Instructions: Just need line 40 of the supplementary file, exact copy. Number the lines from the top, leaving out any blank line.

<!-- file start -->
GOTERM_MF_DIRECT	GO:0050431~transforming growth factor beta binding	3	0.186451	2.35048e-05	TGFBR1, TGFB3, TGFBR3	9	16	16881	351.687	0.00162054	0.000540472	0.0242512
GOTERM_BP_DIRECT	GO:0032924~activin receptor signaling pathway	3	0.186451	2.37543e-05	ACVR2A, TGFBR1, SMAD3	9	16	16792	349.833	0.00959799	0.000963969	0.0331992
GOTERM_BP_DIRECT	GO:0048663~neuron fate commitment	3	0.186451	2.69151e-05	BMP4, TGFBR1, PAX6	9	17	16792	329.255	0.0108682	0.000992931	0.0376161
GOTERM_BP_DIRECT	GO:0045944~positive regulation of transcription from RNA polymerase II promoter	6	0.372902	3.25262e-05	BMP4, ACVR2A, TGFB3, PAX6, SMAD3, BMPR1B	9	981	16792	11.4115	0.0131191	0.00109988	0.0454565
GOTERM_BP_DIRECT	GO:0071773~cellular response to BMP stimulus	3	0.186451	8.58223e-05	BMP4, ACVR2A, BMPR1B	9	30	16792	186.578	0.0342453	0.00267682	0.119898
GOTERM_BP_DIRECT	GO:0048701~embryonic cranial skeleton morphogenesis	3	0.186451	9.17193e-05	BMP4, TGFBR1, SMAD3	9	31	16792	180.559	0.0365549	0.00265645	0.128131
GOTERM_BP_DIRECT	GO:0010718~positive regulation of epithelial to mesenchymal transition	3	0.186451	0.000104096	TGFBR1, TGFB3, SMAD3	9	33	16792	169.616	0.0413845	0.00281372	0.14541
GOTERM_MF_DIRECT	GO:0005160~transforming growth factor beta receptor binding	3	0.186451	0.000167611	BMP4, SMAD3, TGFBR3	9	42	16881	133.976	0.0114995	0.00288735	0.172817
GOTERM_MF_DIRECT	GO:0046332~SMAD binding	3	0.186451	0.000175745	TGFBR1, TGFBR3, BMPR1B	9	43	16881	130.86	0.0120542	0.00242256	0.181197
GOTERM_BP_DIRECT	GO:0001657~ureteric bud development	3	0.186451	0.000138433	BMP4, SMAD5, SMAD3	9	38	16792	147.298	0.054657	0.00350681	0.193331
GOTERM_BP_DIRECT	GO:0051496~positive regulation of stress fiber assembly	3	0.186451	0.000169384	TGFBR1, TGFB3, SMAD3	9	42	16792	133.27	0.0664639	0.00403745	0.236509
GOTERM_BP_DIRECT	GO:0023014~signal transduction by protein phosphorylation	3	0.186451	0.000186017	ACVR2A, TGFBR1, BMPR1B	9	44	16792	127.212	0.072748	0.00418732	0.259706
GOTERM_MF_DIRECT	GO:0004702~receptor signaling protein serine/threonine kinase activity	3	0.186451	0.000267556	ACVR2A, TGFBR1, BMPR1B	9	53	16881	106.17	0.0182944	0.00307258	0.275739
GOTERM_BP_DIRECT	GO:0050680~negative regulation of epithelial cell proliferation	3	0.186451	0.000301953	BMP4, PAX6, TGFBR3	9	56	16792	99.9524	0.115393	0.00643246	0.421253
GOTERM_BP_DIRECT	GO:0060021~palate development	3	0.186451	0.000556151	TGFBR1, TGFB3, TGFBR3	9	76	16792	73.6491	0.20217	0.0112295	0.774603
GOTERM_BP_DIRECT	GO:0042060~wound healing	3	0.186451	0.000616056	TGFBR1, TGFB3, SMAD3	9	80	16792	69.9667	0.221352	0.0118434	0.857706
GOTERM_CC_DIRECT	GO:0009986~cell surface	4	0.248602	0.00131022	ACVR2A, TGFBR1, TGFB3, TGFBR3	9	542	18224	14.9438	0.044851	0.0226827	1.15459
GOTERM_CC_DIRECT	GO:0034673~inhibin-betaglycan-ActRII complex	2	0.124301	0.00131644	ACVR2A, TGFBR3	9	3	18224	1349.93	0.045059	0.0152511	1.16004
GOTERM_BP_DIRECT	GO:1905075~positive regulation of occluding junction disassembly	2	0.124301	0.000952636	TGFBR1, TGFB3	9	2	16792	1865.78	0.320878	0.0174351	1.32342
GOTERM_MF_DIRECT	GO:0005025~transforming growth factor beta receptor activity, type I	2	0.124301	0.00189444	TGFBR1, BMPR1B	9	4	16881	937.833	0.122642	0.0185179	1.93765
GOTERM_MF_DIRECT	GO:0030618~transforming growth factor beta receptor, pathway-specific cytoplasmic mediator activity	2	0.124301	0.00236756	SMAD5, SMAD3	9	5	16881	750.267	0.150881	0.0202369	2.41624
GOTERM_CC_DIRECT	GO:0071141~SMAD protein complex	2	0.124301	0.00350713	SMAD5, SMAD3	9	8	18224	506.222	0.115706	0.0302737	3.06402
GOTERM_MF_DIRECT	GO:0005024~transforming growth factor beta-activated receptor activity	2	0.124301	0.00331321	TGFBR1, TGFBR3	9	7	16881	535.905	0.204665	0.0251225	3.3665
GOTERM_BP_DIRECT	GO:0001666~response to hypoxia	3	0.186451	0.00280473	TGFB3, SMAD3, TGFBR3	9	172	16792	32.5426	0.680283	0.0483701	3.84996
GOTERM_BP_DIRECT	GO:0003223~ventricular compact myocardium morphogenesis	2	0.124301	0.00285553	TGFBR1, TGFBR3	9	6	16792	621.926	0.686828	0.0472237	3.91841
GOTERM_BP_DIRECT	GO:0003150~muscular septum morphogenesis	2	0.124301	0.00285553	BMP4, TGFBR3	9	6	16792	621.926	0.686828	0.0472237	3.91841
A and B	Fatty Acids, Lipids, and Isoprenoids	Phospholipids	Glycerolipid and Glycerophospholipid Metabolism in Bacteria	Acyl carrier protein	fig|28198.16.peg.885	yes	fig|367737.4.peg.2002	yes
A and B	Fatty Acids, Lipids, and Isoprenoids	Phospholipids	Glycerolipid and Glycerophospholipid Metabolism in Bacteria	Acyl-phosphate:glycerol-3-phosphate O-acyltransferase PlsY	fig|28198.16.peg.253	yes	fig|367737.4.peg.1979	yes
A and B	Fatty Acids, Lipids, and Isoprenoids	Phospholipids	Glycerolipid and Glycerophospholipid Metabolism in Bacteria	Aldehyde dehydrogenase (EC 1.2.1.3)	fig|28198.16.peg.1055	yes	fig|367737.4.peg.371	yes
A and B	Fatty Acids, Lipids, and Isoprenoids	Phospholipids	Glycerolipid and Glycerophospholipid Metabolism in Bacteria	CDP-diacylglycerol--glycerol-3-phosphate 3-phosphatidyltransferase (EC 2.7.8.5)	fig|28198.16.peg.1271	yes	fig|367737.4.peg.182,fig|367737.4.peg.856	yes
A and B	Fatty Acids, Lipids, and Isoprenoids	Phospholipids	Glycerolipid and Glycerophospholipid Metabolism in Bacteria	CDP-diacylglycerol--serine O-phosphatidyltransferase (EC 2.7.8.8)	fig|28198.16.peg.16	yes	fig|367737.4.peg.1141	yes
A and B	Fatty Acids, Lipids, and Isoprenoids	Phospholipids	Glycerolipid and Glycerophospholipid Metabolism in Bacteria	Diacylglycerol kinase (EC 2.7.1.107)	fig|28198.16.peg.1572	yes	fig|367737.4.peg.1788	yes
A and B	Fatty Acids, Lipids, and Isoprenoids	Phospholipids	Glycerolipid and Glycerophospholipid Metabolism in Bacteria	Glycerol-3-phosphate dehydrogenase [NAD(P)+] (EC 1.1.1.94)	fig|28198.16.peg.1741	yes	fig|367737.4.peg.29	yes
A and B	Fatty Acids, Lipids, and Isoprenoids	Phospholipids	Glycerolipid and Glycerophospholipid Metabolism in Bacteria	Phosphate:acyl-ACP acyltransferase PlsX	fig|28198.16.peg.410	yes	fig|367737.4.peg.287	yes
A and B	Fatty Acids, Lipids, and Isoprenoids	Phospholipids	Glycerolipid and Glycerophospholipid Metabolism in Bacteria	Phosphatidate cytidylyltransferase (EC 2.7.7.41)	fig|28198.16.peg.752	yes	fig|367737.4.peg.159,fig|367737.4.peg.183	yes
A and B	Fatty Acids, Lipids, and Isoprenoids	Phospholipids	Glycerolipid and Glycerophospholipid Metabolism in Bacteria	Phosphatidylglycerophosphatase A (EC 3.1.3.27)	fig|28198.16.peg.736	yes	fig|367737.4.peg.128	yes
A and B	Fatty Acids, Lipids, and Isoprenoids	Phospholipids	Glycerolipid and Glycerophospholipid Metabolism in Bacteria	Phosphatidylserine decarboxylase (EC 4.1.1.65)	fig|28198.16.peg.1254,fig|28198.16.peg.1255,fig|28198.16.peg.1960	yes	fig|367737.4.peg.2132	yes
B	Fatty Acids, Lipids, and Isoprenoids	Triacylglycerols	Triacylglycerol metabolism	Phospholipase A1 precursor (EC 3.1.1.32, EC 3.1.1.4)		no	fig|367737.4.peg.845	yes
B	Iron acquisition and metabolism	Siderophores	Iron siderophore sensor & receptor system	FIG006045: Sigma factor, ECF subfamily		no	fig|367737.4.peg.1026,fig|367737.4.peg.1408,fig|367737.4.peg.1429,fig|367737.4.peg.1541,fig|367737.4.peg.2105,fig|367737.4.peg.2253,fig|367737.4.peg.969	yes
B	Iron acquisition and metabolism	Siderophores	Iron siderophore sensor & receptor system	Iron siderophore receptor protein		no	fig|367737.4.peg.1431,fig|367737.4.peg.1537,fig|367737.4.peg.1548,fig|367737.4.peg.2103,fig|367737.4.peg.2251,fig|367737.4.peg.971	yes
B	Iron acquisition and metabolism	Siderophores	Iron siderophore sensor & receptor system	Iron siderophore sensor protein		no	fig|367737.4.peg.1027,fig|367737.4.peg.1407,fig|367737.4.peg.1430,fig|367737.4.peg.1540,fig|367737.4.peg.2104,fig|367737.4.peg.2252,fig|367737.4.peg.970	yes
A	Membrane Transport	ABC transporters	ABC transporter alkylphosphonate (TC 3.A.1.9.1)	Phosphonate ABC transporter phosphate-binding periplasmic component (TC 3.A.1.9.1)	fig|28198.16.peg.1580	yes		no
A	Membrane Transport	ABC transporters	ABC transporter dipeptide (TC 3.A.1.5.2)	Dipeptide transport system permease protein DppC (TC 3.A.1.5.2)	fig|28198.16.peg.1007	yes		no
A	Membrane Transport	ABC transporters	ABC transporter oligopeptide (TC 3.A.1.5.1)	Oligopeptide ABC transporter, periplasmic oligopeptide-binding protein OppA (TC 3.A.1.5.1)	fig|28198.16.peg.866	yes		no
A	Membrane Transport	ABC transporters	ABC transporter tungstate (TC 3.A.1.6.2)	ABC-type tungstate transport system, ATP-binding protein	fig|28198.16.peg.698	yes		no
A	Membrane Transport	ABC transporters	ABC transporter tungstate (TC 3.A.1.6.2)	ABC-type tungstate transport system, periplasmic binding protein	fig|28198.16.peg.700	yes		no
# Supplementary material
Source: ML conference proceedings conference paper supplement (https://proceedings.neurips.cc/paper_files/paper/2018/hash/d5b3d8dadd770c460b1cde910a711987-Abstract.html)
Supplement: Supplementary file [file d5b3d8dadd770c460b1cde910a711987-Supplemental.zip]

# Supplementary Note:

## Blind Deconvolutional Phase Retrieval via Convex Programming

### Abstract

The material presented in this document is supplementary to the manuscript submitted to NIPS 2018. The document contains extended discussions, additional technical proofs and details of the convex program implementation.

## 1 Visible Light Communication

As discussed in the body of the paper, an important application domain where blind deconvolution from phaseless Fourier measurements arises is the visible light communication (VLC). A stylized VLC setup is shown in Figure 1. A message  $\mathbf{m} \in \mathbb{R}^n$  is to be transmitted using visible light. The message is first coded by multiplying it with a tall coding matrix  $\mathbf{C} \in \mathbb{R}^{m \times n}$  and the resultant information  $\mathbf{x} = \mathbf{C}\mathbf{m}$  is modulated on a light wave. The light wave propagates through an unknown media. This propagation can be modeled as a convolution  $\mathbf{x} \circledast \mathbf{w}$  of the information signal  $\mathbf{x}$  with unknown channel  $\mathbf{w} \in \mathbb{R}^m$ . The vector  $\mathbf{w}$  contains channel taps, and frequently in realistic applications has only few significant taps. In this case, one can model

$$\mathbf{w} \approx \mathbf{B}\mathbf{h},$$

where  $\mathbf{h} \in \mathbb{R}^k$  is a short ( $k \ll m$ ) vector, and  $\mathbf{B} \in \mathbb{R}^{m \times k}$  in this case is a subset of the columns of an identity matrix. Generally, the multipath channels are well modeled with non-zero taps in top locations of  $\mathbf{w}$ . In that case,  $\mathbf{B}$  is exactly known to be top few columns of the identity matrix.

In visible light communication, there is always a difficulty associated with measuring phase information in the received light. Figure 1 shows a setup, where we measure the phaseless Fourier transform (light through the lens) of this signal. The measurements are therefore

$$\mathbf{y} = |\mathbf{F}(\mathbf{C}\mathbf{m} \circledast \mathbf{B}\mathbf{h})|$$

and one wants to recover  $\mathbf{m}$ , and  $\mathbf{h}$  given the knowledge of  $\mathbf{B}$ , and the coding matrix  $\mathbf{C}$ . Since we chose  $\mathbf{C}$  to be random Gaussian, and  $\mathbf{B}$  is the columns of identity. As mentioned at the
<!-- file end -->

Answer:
B	Iron acquisition and metabolism	Siderophores	Iron siderophore sensor & receptor system	Iron siderophore receptor protein		no	fig|367737.4.peg.1431,fig|367737.4.peg.1537,fig|367737.4.peg.1548,fig|367737.4.peg.2103,fig|367737.4.peg.2251,fig|367737.4.peg.971	yes